I admit when I bought my six pieces I was extremely suspicious of them. But without being able to find any evidence at the time to link them to something modern, I only offered one for sale (sold immediately) and just recently put a second one in my store. I will have to contact the client to buy back the piece I sold and return the six to the dealers from whom I bought them and will move their entries from the Italy page to the fakes page.

It just makes me wonder - who in the world decided to make just a few pieces in silver and fake some gilding on them to get them to pass as imitative pieces? It's just such a bizarre thing to do, considering the relatively low value of the coins and obscurity of the type for collectors.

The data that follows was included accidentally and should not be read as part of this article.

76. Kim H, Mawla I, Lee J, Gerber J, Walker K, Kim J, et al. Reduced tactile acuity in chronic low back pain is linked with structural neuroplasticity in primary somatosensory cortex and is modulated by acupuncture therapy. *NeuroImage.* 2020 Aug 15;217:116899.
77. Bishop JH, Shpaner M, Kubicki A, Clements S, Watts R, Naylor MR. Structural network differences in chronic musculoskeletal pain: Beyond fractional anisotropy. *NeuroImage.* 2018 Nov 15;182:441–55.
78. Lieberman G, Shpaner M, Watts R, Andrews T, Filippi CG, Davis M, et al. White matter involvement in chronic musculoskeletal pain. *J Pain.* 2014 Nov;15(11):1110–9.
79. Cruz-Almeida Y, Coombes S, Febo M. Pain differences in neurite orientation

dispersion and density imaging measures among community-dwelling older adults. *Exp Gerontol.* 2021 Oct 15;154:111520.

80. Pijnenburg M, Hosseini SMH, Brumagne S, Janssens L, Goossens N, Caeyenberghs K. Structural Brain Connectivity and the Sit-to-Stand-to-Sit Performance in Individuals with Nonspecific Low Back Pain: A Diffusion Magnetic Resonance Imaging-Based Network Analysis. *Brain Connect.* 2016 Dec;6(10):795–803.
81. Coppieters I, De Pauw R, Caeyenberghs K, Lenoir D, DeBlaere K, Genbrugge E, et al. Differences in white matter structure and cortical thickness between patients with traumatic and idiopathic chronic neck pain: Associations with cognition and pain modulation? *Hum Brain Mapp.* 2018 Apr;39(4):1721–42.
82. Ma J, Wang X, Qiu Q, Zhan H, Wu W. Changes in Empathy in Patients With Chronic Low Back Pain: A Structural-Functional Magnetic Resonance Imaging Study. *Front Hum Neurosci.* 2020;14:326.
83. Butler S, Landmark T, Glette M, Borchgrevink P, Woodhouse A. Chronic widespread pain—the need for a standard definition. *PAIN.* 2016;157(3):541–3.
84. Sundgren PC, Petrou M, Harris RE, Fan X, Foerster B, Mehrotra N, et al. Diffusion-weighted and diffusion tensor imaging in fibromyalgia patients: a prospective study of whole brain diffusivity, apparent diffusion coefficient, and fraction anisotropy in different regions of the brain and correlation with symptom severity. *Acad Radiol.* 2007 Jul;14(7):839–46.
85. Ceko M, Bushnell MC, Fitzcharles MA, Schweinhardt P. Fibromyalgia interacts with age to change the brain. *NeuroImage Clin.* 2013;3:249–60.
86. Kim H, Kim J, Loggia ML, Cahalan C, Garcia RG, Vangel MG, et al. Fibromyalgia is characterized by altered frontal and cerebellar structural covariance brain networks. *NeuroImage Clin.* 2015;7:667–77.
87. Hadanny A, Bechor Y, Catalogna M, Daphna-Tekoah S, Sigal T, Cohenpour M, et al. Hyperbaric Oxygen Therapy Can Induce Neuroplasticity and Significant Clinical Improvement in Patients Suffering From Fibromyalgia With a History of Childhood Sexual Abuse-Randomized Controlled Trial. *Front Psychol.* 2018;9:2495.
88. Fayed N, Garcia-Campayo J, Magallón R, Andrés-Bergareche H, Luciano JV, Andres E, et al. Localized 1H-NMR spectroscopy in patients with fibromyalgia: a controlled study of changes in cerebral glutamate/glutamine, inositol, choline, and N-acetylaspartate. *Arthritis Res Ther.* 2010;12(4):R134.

Mac - glad you find my topics interesting! That means quite a lot to me coming from someone as accomplished as your good self

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Old Nov 15, 2009, 09:41 AM   #6
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Weird counterfeiters.

Fakers can be weird. My first publication, back in the late 1960s, was a counterfeit Claudius denarius which combined excellent die cutting with a reverse from the pseudo-republican coins of the year 68-69. Very strange. I have right now a fake Caracalla denarius from well-cut dies struck over a genuine but plugged drachm of Menander. What in the devil were these counterfeiters thinking?

I hate to admit it, but other than maybe the exaggerated striations in the fields, it would never have occurred to me to think these Venetian pieces were other than legitimate.

Mac